I can hear the drums
Goreti Venkanna: a subaltern voice for those excluded from the mainstream.
The sheer music and drama of Goreti Venkanna’s protest songs hold audiences in thrall
Even the pea-soup fog that gagged Delhi after Diwali couldn’t keep away Goreti Venkanna’s admirers from his performance at the India Habitat Centre. It did push his performance indoors but the Telugu poet-singer’s voice was so strong that it leaked out of the auditorium doors and showed you the way in.
Venkanna’s voice and his sung poetry are not really meant for the tame proscenium stage. They are meant for streets, maidans and village squares. About a hundred years ago, he would have been a burrakatha(sung poetry) minstrel for a troupe protesting the rule of Nizams or raging against the British.
In fact, till two years ago, when Telangana was formed, Venkanna had written and sung some of the best-known anthems for its statehood. Today, his music is still about resistance but the focus has shifted to several other causes — globalisation, urbanisation, environment, social inequality, Dalit politics, consumerism, rural distress and so on. His best-loved songs like ‘Palle Kanneeru Peduthundo’ and ‘Galli Chinnadi Garibola Kadha’ are about the destitute and the marginalised. “I trace this tradition to Kabir, Ravidas, Thyagaraja, Annamacharya, the great Vaggeyakaras (composer-singers). They wrote and sang about love and oppression, devotion and revolution,” says the 53-year-old.
The burrakatha tradition of sung Bhakti poetry was first co-opted by Praja Natya Mandali, the leftist cultural troupe in Andhra, in the mid-1940s. It poured new, revolutionary content into the style to create songs of protest against the Nizam. Shaikh Nazar was a leading name in this tradition.
The other political poet-singer, even better known than Venkanna, is Gaddar who has a cult following among the more militant cadres of the left movement. But Dalit activist Paul Divakar says Venkanna’s music and poetry is far more accessible because he is not a political ideologue. “He is a subaltern voice for those who are excluded from mainstream cultures,” says Divakar.
Onstage at Samanvay, the annual Indian languages festival, Venkanna has the audience, many of who don’t know a word of Telugu, in the palm of his hand. It isn’t just the lyrics, the music, it is the sheer theatrics of his performance, which transcends language. And who doesn’t love a rebel troubadour?
Venkanna is singing about the world’s obsession with appearance and power: ‘The crane leads a bare, clean life, falling asleep where it stands on one leg, it eats every morsel of fish it hunts, nests among thorns, but no one sings its praise. Why is the eagle given a place close to the gods but not the hard-working donkey? Why does the snake get to be the ‘adisesha’ while the buffalo is condemned to the margins? What is this culture we worship?’
His songs talk of the hardships of rural India, the poor, and the corrupt babus, but also of Johnny Walker for the rich, the Doon School clique, medical college scams, the beef festival, Ambedkar and the sleek highways of new India. Divakar traces his themes to the works of Jashuva and Sheikh Nazar. They move skillfully between folk themes, nature, Sita’s grief, and modern politics without missing a beat. And the rhythm keeps you engaged at all times.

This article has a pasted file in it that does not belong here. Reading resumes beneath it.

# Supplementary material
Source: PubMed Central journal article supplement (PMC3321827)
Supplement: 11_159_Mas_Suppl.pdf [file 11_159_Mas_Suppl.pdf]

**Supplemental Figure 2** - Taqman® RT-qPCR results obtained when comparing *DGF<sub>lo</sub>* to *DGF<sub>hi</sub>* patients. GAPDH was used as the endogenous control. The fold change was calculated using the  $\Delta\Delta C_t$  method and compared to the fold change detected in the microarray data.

“That is the ‘daruvu sampradaya’ (rhythm-centric tradition) of my land. I learnt my music and poetry the way all folk artistes do, in the fields of my village in Gowaram in Mahbubnagar, listening to my father and other singers. We heard this music at festivals, rituals, everyday events, as they ploughed, harvested. Every movement in life in the village had its rhythm and poetry. It is my warsa (heritage),” he recalls.
He may be totally untrained, but Venkanna’s stage presence is magical — he stands with one leg forward, like he is about to take flight, and sings in a resounding full-throated voice. The rhythm is infectious and is helped along by the dholak and of course the dhapu or the dafli that is a staple of subaltern folk music of the region. Every once in a while, when the beat turns extra exuberant, Venkanna starts to dance — nothing choreographed or planned, but wildly infectious nevertheless — using the stole around his neck as a prop.
On his fingers, ringed copper cymbals play the role of the anklet that burrakatha singers once wore. “I don’t know all this thari kitta thaka dhimi,” he says scornfully of classical dance and music. “And I don’t know saregama either. But I am never off-beat and I am never off-key. That is the greatness of folk arts.” Venkanna’s art has moved to television and films as well. He even anchors a popular folk song show on television ‘Rela Re Rela’ and his most popular songs have been incorporated into films. But for him the real thrill is in taking the stage to the roar of audience approval.
Many of the themes Venkanna touches on repeatedly are those that you would think don’t appeal to the young — materialism, ostentation, multinationals and so on. But he doesn’t think so and scholars agree with him. “The young and the rich have a heart too. They eat rice and dal like us, not diamonds right? Modernity has left us all unsettled because while the outer world around us has changed, we haven’t changed much inside. Those conflicts are a part of my poetry,” he says. If you ask him about inspirational creative moments, he is dismissive. “It comes to me naturally like breathing. I don’t sit down and ‘create’ and don’t strive for ‘greatness’ in my music. It is unfabricated and organic. I truly cannot explain it,” he says. “It comes from the world around me, the subconscious treasure of memories.”
First published by The Hindu Sunday Magazine